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Eissler, R.S. (1946). About the Historical Truth in a Case of Delusion Chicago. Psychoanal. Rev., 33(4):442-459.

(1946). Psychoanalytic Review, 33(4):442-459

About the Historical Truth in a Case of Delusion Chicago

Ruth S. Eissler

The delusion of being a Nazi spy without one's own knowledge or consent and to be used as a tool by an enemy spy organization must be a tremendously frightening and tormenting experience. The anxiety connected with this delusion made a young woman eventually seek psychiatric help. The fact that she turned to a psychiatrist indicates that she was, at least to a certain degree, aware of the unreality of her ideas and had considered the possibility of a mental disturbance.

I saw Mrs. A. first on a holiday out in the country where she was sent to me as an emergency. I mention this because the lack of any reaction on her part to this extraordinary situation fitted so well into the emotional picture she presented. She seemed to be so completely preoccupied with her strange inner experiences that there was no room for awareness of the unusual external situation. She was in a state of anxious excitement, but at the same time puzzled and bewildered and was reaching out to anyone who could possibly be of help to her, so that a rapport was easily established on the mere basis of my willingness to listen to her. Her physical appearance was that of a young woman in her early thirties, round-faced and of a pyknic type, of medium height. The most striking feature were her round brown eyes which had a very intense, piercing look. When she started to talk, she was very confused and incoherent, gliding off the essential topics and becoming very circumferential and involved as to minor details. The state of bewilderment was the prevailing affect noticeable throughout the conversation. Finally I was able to obtain the following information from her:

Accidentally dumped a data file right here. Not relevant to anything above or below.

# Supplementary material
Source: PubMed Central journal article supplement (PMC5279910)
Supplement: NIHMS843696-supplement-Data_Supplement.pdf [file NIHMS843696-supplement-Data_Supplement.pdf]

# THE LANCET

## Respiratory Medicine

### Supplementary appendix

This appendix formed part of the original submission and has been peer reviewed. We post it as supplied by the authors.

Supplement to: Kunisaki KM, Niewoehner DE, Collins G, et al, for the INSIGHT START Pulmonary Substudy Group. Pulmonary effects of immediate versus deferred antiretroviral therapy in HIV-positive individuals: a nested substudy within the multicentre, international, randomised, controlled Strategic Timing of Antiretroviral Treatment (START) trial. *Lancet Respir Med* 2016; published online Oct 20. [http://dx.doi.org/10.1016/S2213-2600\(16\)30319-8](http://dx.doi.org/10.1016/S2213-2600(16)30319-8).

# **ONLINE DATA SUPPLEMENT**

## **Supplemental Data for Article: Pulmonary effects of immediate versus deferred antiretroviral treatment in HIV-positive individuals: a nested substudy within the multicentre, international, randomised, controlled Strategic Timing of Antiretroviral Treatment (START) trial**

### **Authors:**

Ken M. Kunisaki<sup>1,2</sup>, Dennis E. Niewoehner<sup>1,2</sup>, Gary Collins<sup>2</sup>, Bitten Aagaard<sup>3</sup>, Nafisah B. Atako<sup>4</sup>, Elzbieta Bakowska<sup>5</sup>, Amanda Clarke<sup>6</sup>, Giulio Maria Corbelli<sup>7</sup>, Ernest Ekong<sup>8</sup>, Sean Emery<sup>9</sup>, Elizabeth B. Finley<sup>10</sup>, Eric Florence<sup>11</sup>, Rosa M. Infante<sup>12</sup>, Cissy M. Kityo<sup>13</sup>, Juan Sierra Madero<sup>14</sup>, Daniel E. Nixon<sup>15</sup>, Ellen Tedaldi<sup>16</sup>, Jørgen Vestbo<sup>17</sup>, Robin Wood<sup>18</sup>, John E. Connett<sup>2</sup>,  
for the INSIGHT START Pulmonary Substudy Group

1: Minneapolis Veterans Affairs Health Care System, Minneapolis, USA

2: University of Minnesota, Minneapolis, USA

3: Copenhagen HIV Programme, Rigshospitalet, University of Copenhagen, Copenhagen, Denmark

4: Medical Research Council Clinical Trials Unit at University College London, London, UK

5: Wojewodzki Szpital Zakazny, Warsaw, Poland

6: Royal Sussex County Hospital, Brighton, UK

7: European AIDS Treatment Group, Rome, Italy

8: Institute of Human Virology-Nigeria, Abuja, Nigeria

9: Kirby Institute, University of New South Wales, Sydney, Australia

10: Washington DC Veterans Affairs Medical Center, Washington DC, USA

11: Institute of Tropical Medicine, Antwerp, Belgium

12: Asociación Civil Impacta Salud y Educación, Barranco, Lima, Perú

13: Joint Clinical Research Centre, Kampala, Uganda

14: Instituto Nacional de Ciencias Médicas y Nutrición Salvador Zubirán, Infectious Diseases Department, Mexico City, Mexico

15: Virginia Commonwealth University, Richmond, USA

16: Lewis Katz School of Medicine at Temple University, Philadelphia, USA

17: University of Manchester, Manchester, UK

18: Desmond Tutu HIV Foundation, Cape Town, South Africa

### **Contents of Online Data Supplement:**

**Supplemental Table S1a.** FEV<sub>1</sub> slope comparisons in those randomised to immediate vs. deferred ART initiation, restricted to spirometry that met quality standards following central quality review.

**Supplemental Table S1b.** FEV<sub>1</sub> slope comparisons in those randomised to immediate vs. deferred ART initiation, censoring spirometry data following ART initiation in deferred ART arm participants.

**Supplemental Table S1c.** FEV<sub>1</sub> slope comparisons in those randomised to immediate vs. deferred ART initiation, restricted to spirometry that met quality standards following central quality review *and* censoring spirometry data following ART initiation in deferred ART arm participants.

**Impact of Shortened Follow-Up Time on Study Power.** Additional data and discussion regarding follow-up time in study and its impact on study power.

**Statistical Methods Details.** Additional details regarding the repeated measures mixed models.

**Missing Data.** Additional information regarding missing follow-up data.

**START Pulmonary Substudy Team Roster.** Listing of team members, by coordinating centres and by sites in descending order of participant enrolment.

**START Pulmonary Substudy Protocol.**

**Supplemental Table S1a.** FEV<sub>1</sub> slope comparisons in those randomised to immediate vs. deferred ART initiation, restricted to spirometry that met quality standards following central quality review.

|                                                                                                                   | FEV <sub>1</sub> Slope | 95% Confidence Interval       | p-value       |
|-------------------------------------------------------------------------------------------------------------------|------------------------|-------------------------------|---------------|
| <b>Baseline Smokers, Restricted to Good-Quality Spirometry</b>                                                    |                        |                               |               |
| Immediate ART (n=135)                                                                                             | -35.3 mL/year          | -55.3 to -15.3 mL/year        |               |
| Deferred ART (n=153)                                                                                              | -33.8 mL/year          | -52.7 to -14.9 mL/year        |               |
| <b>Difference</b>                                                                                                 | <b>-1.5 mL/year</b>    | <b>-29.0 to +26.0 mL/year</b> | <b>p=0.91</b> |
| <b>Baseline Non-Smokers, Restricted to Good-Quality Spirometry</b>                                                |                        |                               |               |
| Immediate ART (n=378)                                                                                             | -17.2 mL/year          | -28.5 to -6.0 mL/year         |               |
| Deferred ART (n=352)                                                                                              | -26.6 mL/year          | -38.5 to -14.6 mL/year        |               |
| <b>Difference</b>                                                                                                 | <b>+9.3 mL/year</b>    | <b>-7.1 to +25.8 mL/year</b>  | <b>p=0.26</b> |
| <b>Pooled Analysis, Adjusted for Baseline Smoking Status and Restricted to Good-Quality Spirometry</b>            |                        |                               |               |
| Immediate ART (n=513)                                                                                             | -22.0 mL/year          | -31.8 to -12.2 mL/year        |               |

The previous fall her husband's number was drafted, and Mrs. A. who had been married for 6 years and was very much devoted to her husband, became very upset at the idea of his having to join the army. She insisted on his doing everything in his power to obtain a deferment. Mrs. A.'s mother had come to live with them in November 1941, when Mrs. A.

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